KANSAS CITY, Mo. — Years of planning turns into reality as Jackson County breaks ground on a new $250 million detention center.

The new building is expected to meet the county’s goal of providing “justice with dignity.” County officials say they want the new detention center to be a lot more than just steel bars wrapped in bricks and mortar.
The building is being designed to rehabilitate inmates through educational and social support services. Elected leaders also promise the jail will meet the necessary safety, security and efficiency needs.

When completed, the detention center will be able to house more than 1,200 inmates.

“Today is bigger than just a groundbreaking or building a building,” Darryl Forte, Jackson County sheriff, said. “It’s an opportunity to change lives. An opportunity to bring people into our system, whether they want to be in our system or not. Because we have the care, custody and control of them. Now we can give them something that’s evidence based: the therapy and the training. So that’s what I’m excited about.”

Kansas City is also considering building a new jail to house more than 300 municipal prisoners.
The county’s new facility is designed with partnership in mind. It can be expanded to 1,366 beds.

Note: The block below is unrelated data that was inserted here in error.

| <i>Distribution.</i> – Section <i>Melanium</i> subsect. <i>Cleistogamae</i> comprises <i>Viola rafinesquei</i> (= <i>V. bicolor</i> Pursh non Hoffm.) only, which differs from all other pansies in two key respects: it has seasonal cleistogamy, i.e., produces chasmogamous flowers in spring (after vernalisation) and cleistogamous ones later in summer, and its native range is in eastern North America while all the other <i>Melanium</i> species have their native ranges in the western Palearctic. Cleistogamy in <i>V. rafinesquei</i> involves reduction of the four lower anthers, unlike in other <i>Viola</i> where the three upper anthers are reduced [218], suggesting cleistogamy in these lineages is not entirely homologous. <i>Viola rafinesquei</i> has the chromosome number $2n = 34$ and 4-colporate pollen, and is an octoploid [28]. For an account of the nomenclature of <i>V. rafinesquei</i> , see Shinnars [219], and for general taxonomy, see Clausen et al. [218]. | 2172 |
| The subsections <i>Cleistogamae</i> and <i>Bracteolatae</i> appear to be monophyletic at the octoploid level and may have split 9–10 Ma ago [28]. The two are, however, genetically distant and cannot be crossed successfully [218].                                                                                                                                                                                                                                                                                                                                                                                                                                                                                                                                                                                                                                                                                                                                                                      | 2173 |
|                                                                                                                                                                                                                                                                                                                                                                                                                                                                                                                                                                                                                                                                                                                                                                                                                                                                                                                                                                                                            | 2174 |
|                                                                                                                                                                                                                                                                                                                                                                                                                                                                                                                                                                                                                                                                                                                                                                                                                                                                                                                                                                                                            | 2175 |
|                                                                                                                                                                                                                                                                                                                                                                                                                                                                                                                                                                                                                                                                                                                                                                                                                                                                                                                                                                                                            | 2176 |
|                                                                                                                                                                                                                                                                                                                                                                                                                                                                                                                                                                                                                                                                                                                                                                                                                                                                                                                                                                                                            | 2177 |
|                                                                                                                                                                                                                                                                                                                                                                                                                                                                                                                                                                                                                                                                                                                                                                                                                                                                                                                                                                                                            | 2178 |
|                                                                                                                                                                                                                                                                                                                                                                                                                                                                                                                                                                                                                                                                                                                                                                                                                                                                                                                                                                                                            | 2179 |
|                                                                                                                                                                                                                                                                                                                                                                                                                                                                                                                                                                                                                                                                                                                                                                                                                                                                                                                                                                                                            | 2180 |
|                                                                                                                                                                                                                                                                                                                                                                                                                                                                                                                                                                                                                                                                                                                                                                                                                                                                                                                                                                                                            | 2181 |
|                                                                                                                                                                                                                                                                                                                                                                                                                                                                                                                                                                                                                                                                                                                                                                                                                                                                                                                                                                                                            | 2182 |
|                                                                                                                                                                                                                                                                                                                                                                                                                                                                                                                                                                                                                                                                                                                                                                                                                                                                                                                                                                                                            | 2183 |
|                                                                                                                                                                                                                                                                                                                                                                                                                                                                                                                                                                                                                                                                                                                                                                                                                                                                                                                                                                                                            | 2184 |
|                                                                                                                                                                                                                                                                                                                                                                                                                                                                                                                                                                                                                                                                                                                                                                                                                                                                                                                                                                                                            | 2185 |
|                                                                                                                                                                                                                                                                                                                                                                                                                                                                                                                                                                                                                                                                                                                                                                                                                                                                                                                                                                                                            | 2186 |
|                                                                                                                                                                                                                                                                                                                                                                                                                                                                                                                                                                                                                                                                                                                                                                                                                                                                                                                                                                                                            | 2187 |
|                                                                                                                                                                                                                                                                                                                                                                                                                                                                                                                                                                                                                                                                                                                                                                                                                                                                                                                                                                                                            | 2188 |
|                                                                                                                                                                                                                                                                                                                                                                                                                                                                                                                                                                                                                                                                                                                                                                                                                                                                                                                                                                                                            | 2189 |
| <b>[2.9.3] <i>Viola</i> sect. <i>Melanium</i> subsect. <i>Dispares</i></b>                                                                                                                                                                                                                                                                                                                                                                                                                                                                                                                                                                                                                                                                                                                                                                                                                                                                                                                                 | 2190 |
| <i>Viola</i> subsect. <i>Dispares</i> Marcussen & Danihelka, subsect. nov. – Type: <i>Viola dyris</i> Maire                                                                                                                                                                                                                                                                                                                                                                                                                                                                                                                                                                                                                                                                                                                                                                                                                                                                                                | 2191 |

And many taxpayers remain hopeful that the city will partner with Jackson County to share costs in developing one jail, instead of taxpayers footing the bill for two.

“There’s always that opportunity for the city to come in at some point, in the negotiations with them, to be a part of this facility,” Frank White Jr., Jackson County executive, said. “And if you look around there’s 104 acres here and the city owns 50 acres right next to us, so they have options as to whether they want to do something jointly with the county or do their own facility.”

County Manager Troy Schulte says Kansas City has expressed interest in the current downtown jail to make into the city’s own detention center. But given that building’s poor condition, county leaders say it may be more likely to be torn down.

Construction of the new detention center will be a three-year process. It’s expected to be completed in late 2024 or early 2025.

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